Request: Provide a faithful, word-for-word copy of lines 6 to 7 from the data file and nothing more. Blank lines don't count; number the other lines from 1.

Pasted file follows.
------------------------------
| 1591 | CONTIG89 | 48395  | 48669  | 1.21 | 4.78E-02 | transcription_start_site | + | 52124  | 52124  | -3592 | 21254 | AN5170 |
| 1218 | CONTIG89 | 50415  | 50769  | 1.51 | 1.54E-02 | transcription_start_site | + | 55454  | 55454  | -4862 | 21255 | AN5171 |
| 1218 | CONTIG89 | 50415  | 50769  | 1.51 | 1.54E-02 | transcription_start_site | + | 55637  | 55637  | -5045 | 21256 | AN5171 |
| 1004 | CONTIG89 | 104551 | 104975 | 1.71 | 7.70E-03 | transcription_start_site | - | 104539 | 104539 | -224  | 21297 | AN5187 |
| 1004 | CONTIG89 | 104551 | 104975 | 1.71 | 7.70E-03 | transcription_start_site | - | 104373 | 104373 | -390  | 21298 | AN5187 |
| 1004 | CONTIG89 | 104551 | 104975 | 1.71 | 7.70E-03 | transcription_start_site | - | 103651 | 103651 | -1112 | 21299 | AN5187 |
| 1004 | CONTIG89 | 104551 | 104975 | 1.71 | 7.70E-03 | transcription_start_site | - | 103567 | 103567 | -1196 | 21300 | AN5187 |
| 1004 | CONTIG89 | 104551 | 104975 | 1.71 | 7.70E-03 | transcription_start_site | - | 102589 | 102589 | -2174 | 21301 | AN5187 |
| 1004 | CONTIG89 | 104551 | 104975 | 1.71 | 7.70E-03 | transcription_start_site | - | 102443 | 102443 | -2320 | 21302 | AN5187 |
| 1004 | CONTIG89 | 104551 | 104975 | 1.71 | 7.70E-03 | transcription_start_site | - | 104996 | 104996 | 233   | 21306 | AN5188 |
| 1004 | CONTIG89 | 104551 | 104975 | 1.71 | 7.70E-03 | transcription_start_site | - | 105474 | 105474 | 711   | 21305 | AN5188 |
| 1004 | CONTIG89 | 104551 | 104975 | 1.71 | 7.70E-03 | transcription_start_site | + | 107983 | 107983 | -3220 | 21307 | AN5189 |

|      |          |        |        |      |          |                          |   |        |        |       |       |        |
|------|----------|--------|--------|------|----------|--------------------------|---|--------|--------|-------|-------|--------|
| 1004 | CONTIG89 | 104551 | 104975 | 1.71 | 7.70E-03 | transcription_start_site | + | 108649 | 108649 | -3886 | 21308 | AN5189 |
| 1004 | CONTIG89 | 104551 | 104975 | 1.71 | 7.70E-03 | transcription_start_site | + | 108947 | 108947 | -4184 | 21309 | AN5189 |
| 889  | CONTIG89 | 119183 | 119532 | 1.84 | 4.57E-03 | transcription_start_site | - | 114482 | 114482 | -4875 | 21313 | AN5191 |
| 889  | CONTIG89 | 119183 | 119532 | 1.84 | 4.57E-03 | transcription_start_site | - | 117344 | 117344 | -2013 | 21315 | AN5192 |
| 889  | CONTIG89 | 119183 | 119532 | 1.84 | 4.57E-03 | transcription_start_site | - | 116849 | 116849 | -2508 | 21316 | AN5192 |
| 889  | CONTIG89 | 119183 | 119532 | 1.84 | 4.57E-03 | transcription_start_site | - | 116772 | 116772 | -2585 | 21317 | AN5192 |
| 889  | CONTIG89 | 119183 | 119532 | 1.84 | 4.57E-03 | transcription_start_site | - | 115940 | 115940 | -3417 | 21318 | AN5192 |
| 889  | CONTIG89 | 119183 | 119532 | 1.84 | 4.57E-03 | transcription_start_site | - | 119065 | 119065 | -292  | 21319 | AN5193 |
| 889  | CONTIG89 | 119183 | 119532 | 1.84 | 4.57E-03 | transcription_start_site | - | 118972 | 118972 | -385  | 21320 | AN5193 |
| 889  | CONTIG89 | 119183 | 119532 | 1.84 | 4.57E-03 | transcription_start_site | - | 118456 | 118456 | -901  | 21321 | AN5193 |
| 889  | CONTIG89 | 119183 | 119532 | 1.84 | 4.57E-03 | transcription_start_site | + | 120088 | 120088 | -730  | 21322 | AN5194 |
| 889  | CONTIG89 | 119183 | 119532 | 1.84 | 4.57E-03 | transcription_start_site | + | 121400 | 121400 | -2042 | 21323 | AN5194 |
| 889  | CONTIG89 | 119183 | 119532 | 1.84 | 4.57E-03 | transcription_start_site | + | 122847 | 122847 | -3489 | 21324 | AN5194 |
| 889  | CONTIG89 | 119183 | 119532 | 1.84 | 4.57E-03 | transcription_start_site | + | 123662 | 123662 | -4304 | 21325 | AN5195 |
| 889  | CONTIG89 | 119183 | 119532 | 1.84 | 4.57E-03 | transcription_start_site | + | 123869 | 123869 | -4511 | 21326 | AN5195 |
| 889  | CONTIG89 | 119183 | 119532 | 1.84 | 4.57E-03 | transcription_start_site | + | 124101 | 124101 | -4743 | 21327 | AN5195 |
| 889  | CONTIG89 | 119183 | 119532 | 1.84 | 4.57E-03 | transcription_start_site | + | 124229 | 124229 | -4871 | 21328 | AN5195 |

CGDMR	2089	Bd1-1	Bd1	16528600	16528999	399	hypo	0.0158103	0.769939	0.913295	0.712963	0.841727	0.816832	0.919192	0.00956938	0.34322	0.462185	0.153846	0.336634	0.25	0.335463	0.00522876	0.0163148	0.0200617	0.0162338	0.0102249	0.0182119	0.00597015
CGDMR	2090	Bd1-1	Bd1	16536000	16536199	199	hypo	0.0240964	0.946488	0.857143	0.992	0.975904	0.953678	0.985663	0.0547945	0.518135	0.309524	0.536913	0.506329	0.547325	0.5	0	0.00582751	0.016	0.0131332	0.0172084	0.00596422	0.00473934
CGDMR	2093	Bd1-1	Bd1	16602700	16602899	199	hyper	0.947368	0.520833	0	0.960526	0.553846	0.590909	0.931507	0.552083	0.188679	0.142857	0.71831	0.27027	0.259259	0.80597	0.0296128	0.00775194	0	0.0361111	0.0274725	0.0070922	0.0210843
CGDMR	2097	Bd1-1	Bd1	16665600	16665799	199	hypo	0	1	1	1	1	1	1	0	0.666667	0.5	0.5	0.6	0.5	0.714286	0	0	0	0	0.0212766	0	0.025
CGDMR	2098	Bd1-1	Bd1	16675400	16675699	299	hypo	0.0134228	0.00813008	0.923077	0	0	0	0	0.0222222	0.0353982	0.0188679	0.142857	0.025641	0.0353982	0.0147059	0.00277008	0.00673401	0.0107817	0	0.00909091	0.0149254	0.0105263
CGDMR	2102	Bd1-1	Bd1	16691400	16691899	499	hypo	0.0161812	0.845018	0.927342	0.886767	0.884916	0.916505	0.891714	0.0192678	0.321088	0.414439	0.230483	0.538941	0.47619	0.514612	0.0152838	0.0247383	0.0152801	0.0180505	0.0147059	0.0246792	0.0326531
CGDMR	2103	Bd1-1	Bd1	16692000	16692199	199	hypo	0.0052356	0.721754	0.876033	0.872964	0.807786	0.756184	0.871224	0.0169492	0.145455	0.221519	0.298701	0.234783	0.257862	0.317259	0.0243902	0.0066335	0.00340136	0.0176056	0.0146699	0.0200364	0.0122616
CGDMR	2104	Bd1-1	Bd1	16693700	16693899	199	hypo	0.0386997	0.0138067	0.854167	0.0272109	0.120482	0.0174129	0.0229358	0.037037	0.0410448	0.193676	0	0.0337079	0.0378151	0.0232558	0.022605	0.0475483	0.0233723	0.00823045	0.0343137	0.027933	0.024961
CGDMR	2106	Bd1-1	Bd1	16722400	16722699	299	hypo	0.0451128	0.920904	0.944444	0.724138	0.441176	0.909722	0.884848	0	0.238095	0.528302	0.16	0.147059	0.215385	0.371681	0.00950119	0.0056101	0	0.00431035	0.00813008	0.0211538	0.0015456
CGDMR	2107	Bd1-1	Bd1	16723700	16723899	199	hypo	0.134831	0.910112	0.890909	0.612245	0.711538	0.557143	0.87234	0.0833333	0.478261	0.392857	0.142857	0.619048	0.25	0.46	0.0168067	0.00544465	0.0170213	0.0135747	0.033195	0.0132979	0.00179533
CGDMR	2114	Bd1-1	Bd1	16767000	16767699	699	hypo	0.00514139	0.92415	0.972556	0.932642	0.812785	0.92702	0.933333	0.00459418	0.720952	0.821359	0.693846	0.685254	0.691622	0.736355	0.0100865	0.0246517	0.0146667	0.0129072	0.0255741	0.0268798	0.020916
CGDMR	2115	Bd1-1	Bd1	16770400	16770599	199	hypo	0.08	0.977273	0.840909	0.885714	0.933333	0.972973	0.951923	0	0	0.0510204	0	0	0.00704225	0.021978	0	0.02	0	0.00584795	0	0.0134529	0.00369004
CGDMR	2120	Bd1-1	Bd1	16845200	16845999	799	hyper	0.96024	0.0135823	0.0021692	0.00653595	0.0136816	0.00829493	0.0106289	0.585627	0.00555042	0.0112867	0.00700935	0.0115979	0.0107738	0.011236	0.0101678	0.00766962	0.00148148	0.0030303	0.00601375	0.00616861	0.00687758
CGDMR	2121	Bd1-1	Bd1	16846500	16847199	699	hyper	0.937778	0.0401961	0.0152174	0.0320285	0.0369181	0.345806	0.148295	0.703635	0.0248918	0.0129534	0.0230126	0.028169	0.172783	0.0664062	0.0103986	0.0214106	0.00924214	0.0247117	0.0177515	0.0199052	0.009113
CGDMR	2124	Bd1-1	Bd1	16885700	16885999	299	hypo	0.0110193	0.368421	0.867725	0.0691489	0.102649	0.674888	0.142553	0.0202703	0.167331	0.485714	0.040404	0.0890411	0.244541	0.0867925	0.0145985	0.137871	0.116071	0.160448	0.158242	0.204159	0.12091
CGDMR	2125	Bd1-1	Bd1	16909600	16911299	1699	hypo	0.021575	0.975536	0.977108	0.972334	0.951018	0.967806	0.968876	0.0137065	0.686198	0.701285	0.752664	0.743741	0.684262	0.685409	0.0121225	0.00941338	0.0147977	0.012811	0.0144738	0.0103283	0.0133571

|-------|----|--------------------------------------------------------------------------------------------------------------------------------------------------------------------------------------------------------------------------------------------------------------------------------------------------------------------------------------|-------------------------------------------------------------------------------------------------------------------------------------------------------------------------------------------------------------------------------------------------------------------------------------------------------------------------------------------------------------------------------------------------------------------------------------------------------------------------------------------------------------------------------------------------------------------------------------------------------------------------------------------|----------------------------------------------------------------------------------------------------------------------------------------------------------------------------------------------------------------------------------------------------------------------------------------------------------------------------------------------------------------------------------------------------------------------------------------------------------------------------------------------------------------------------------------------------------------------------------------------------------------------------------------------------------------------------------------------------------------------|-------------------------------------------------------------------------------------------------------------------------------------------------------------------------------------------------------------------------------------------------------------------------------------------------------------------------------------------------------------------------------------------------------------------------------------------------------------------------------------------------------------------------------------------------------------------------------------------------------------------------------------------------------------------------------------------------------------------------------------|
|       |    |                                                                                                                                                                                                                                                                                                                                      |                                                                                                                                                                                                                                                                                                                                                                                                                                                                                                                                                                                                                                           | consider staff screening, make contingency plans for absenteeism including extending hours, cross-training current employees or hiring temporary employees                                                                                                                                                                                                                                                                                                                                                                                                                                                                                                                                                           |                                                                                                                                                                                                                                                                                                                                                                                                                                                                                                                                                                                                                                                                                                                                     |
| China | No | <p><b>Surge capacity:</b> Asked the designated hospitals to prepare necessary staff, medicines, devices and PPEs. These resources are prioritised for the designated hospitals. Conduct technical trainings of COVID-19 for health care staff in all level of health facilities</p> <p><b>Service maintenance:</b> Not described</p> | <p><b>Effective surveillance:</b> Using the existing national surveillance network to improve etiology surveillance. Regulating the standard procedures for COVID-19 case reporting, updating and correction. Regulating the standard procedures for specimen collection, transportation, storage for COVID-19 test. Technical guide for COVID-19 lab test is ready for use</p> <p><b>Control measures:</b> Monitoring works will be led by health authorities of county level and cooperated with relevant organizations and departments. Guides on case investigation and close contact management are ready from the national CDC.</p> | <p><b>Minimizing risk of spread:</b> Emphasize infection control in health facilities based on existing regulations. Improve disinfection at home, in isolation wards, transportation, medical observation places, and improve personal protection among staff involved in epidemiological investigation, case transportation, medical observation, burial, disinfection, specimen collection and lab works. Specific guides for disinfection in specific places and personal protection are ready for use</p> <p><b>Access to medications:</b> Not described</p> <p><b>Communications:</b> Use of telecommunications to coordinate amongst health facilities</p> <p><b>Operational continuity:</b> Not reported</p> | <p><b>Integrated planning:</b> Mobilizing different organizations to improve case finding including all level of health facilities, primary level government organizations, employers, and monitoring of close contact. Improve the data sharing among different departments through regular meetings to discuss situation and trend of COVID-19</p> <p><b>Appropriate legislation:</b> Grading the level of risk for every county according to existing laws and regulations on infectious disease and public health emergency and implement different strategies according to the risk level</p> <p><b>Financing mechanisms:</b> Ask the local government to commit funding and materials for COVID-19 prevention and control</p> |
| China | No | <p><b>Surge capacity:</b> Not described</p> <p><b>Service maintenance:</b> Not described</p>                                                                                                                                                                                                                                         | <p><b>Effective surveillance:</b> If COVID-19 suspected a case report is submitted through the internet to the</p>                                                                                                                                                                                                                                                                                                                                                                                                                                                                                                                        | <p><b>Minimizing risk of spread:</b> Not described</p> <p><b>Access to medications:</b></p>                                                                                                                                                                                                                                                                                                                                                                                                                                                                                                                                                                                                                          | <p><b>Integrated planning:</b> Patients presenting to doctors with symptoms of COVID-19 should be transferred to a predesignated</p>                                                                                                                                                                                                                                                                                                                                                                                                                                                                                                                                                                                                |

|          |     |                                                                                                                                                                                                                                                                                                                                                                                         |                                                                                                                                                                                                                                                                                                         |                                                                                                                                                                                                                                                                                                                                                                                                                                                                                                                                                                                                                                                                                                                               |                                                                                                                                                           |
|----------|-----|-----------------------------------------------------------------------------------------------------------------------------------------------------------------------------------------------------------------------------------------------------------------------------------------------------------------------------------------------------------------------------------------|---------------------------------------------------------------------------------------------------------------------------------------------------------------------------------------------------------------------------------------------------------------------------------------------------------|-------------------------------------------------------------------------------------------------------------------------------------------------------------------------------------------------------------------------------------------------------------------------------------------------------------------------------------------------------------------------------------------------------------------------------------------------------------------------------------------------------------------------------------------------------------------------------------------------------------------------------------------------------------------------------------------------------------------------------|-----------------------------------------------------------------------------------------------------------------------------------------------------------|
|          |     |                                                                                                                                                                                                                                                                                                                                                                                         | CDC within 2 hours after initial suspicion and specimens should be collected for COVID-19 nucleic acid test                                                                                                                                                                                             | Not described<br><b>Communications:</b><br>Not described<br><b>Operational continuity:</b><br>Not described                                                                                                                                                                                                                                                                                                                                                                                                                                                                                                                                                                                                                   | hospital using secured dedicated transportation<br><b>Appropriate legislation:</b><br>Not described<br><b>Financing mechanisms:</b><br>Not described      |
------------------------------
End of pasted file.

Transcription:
| 1004 | CONTIG89 | 104551 | 104975 | 1.71 | 7.70E-03 | transcription_start_site | - | 103651 | 103651 | -1112 | 21299 | AN5187 |
| 1004 | CONTIG89 | 104551 | 104975 | 1.71 | 7.70E-03 | transcription_start_site | - | 103567 | 103567 | -1196 | 21300 | AN5187 |